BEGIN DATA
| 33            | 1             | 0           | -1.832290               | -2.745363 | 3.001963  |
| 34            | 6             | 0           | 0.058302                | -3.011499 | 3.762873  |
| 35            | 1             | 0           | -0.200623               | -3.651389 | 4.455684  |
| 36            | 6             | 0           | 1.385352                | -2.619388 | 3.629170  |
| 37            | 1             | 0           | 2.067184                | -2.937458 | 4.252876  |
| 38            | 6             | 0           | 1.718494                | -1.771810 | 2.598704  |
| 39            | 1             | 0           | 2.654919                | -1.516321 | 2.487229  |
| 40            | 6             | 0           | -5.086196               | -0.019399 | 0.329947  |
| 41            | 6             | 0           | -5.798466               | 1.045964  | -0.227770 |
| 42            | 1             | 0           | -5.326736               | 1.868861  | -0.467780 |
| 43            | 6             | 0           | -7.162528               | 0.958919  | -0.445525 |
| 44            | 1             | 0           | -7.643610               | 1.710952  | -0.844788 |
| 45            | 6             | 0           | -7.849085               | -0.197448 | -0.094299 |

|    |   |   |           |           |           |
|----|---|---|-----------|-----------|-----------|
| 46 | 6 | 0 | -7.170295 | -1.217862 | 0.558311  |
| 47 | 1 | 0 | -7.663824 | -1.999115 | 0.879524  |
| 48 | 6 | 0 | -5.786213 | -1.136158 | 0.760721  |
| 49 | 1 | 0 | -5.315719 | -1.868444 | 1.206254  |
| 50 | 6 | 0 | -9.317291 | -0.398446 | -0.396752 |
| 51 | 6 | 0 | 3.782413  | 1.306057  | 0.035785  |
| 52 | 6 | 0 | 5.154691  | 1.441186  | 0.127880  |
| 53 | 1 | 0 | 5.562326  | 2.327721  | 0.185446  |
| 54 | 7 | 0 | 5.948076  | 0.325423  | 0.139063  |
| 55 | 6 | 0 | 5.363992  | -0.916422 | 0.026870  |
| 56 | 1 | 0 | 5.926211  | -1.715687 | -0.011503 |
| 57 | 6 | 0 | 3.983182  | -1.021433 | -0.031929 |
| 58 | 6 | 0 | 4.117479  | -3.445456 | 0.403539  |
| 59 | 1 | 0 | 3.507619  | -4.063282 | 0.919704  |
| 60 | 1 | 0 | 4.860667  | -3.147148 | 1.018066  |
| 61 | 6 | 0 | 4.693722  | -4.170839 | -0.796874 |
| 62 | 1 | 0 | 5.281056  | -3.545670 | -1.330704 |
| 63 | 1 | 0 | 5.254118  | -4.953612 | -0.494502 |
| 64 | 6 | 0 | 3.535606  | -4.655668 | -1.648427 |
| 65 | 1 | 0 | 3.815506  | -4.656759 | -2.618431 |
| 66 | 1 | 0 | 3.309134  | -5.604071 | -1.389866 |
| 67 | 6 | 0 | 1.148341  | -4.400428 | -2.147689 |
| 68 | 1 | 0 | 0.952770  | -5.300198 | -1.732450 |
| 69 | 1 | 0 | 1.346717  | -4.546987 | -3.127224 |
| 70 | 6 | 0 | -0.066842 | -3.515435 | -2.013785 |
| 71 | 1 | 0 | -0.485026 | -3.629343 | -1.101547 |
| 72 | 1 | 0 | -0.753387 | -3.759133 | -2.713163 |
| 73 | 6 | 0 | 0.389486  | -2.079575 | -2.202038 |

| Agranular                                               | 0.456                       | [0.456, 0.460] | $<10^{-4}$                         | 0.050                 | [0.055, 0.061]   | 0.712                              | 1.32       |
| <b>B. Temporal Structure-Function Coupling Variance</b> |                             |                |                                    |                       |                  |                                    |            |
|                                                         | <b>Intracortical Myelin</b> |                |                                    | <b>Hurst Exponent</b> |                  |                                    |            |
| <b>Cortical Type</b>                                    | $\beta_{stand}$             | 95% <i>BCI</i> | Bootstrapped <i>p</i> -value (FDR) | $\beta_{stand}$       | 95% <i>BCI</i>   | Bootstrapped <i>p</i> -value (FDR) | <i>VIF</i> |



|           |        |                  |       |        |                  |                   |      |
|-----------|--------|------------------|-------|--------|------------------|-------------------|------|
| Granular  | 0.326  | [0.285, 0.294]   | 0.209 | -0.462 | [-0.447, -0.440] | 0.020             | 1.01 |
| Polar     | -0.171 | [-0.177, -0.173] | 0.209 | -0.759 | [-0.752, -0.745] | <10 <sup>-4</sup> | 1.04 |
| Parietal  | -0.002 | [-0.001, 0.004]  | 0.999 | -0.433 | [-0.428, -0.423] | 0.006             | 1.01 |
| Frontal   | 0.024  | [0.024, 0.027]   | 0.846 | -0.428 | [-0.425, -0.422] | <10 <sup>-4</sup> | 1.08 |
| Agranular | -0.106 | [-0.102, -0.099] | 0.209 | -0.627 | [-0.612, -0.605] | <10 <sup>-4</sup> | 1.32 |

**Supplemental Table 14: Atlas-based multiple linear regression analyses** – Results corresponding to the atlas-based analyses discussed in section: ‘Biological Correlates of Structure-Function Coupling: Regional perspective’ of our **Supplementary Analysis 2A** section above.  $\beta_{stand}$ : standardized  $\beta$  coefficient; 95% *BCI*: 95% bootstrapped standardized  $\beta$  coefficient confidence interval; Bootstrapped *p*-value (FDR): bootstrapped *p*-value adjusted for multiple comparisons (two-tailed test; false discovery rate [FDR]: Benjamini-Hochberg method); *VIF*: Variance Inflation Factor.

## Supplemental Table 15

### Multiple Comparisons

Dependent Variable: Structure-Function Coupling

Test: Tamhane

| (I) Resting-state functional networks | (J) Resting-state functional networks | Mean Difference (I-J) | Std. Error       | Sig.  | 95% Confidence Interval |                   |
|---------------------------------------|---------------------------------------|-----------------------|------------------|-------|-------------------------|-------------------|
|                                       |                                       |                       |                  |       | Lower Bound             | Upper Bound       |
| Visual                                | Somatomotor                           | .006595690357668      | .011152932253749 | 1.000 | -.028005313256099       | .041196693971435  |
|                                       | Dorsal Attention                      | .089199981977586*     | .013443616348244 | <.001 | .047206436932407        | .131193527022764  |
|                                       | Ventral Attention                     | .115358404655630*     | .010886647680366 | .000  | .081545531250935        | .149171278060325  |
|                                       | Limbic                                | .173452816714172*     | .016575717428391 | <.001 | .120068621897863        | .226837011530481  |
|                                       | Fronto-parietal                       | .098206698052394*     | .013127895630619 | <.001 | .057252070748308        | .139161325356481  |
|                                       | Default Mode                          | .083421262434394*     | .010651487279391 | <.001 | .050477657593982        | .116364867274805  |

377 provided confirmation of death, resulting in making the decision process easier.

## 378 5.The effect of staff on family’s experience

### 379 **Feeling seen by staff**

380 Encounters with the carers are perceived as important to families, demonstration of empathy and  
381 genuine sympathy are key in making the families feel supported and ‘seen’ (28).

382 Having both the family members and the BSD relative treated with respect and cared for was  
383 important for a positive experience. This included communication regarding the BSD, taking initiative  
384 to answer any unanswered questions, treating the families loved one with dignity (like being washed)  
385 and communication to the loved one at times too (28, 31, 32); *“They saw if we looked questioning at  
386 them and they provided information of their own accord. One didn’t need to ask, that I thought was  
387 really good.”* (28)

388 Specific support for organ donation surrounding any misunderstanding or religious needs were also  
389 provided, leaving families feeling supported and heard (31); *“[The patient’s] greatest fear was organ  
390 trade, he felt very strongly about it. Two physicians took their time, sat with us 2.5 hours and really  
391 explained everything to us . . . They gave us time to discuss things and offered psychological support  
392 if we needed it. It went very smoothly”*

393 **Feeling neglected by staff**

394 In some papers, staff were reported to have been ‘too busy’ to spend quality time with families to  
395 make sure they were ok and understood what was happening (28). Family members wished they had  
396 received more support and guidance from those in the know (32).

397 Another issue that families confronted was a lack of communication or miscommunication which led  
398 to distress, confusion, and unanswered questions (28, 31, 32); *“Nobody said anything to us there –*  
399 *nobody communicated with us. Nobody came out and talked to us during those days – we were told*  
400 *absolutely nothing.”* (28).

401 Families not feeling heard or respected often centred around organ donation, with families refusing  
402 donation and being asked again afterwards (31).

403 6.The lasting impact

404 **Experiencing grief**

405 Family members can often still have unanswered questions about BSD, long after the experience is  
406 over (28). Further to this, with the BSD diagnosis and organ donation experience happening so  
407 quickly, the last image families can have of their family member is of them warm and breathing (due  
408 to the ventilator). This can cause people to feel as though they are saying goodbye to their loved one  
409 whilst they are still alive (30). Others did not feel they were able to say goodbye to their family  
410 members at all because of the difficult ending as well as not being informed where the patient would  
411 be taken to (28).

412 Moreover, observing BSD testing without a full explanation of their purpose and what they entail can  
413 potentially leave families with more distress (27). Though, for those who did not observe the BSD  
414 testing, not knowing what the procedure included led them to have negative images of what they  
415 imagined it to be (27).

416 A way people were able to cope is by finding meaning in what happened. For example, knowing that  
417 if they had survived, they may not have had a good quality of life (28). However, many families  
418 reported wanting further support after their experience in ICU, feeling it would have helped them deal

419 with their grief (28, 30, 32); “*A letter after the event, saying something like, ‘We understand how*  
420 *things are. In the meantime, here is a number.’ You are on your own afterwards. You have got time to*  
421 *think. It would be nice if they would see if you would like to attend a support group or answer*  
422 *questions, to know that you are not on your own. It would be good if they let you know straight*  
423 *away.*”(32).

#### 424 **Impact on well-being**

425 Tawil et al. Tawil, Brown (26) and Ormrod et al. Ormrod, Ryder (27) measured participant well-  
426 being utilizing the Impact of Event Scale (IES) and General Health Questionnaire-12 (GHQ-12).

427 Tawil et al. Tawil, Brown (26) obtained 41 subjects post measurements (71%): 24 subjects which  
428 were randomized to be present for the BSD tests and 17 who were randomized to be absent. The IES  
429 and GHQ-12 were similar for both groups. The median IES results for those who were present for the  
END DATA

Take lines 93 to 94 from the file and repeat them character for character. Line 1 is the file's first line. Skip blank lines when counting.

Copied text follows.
401 Families not feeling heard or respected often centred around organ donation, with families refusing  
402 donation and being asked again afterwards (31).